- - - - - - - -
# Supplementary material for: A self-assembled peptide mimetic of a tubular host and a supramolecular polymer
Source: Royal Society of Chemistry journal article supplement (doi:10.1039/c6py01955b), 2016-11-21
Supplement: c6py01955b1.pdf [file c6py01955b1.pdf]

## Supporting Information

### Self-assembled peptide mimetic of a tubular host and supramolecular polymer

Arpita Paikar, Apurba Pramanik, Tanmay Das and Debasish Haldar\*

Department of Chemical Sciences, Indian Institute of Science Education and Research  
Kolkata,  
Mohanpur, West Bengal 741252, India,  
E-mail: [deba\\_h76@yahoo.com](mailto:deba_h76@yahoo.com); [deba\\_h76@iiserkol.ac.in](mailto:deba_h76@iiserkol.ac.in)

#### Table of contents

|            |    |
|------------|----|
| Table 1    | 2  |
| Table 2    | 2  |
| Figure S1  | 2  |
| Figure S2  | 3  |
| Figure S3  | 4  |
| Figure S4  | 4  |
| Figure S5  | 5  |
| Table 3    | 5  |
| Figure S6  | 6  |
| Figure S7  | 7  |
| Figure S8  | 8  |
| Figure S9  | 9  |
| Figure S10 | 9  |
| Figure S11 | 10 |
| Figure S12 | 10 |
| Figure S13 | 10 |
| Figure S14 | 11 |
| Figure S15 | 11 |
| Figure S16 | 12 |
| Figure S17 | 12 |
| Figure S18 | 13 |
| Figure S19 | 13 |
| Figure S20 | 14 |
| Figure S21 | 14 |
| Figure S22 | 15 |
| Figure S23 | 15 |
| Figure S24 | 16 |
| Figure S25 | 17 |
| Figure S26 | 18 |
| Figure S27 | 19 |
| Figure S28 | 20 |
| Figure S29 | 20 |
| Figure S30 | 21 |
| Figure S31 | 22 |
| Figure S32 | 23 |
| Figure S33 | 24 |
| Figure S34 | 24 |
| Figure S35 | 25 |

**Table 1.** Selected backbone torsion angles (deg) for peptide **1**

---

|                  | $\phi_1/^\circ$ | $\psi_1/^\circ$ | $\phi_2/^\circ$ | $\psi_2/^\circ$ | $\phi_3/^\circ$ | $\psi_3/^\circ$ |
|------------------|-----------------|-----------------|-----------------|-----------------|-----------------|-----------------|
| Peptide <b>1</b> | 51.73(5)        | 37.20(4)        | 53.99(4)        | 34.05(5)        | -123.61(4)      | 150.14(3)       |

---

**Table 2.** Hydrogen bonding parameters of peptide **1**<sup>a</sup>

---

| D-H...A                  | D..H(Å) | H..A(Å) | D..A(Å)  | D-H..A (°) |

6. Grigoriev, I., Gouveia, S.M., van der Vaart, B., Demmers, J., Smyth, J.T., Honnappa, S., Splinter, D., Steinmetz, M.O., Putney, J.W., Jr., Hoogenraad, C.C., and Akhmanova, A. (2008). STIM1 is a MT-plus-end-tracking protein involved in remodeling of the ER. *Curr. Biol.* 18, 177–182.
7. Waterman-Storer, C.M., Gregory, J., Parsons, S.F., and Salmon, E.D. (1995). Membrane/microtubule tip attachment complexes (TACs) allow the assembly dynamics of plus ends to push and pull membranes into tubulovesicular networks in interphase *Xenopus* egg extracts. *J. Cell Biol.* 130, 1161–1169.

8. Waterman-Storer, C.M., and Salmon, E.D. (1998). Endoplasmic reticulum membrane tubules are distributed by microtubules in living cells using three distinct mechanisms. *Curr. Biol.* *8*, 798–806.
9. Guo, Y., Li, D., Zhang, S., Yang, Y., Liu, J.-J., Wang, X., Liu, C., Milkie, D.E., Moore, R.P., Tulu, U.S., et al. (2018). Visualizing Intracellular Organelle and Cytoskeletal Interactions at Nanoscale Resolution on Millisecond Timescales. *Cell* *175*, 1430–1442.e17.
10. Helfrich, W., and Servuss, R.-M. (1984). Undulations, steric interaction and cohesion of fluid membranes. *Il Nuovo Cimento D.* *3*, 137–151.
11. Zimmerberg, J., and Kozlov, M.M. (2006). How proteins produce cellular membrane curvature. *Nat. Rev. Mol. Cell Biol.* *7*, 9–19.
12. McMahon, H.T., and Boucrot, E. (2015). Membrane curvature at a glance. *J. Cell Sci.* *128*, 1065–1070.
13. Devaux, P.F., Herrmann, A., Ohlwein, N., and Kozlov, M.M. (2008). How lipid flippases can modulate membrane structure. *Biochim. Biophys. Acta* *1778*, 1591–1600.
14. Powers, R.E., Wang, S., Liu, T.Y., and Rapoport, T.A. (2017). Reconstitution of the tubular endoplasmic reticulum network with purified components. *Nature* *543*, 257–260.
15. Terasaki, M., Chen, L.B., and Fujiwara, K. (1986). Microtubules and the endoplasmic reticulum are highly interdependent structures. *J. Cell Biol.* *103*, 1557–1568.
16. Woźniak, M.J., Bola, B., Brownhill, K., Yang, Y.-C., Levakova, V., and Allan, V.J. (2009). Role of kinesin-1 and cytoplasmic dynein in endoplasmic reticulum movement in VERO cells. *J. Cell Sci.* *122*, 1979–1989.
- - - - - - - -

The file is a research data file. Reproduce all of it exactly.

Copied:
# Supplementary material for: A self-assembled peptide mimetic of a tubular host and a supramolecular polymer
Source: Royal Society of Chemistry journal article supplement (doi:10.1039/c6py01955b), 2016-11-21
Supplement: c6py01955b1.pdf [file c6py01955b1.pdf]

## Supporting Information

### Self-assembled peptide mimetic of a tubular host and supramolecular polymer

Arpita Paikar, Apurba Pramanik, Tanmay Das and Debasish Haldar\*

Department of Chemical Sciences, Indian Institute of Science Education and Research  
Kolkata,  
Mohanpur, West Bengal 741252, India,  
E-mail: [deba\\_h76@yahoo.com](mailto:deba_h76@yahoo.com); [deba\\_h76@iiserkol.ac.in](mailto:deba_h76@iiserkol.ac.in)

#### Table of contents

|            |    |
|------------|----|
| Table 1    | 2  |
| Table 2    | 2  |
| Figure S1  | 2  |
| Figure S2  | 3  |
| Figure S3  | 4  |
| Figure S4  | 4  |
| Figure S5  | 5  |
| Table 3    | 5  |
| Figure S6  | 6  |
| Figure S7  | 7  |
| Figure S8  | 8  |
| Figure S9  | 9  |
| Figure S10 | 9  |
| Figure S11 | 10 |
| Figure S12 | 10 |
| Figure S13 | 10 |
| Figure S14 | 11 |
| Figure S15 | 11 |
| Figure S16 | 12 |
| Figure S17 | 12 |
| Figure S18 | 13 |
| Figure S19 | 13 |
| Figure S20 | 14 |
| Figure S21 | 14 |
| Figure S22 | 15 |
| Figure S23 | 15 |
| Figure S24 | 16 |
| Figure S25 | 17 |
| Figure S26 | 18 |
| Figure S27 | 19 |
| Figure S28 | 20 |
| Figure S29 | 20 |
| Figure S30 | 21 |
| Figure S31 | 22 |
| Figure S32 | 23 |
| Figure S33 | 24 |
| Figure S34 | 24 |
| Figure S35 | 25 |

**Table 1.** Selected backbone torsion angles (deg) for peptide **1**

---

|                  | $\phi_1/^\circ$ | $\psi_1/^\circ$ | $\phi_2/^\circ$ | $\psi_2/^\circ$ | $\phi_3/^\circ$ | $\psi_3/^\circ$ |
|------------------|-----------------|-----------------|-----------------|-----------------|-----------------|-----------------|
| Peptide <b>1</b> | 51.73(5)        | 37.20(4)        | 53.99(4)        | 34.05(5)        | -123.61(4)      | 150.14(3)       |

---

**Table 2.** Hydrogen bonding parameters of peptide **1**<sup>a</sup>

---

| D-H...A                  | D..H(Å) | H..A(Å) | D..A(Å)  | D-H..A (°) |

6. Grigoriev, I., Gouveia, S.M., van der Vaart, B., Demmers, J., Smyth, J.T., Honnappa, S., Splinter, D., Steinmetz, M.O., Putney, J.W., Jr., Hoogenraad, C.C., and Akhmanova, A. (2008). STIM1 is a MT-plus-end-tracking protein involved in remodeling of the ER. *Curr. Biol.* 18, 177–182.
7. Waterman-Storer, C.M., Gregory, J., Parsons, S.F., and Salmon, E.D. (1995). Membrane/microtubule tip attachment complexes (TACs) allow the assembly dynamics of plus ends to push and pull membranes into tubulovesicular networks in interphase *Xenopus* egg extracts. *J. Cell Biol.* 130, 1161–1169.

8. Waterman-Storer, C.M., and Salmon, E.D. (1998). Endoplasmic reticulum membrane tubules are distributed by microtubules in living cells using three distinct mechanisms. *Curr. Biol.* *8*, 798–806.
9. Guo, Y., Li, D., Zhang, S., Yang, Y., Liu, J.-J., Wang, X., Liu, C., Milkie, D.E., Moore, R.P., Tulu, U.S., et al. (2018). Visualizing Intracellular Organelle and Cytoskeletal Interactions at Nanoscale Resolution on Millisecond Timescales. *Cell* *175*, 1430–1442.e17.
10. Helfrich, W., and Servuss, R.-M. (1984). Undulations, steric interaction and cohesion of fluid membranes. *Il Nuovo Cimento D.* *3*, 137–151.
11. Zimmerberg, J., and Kozlov, M.M. (2006). How proteins produce cellular membrane curvature. *Nat. Rev. Mol. Cell Biol.* *7*, 9–19.
12. McMahon, H.T., and Boucrot, E. (2015). Membrane curvature at a glance. *J. Cell Sci.* *128*, 1065–1070.
13. Devaux, P.F., Herrmann, A., Ohlwein, N., and Kozlov, M.M. (2008). How lipid flippases can modulate membrane structure. *Biochim. Biophys. Acta* *1778*, 1591–1600.
14. Powers, R.E., Wang, S., Liu, T.Y., and Rapoport, T.A. (2017). Reconstitution of the tubular endoplasmic reticulum network with purified components. *Nature* *543*, 257–260.
15. Terasaki, M., Chen, L.B., and Fujiwara, K. (1986). Microtubules and the endoplasmic reticulum are highly interdependent structures. *J. Cell Biol.* *103*, 1557–1568.
16. Woźniak, M.J., Bola, B., Brownhill, K., Yang, Y.-C., Levakova, V., and Allan, V.J. (2009). Role of kinesin-1 and cytoplasmic dynein in endoplasmic reticulum movement in VERO cells. *J. Cell Sci.* *122*, 1979–1989.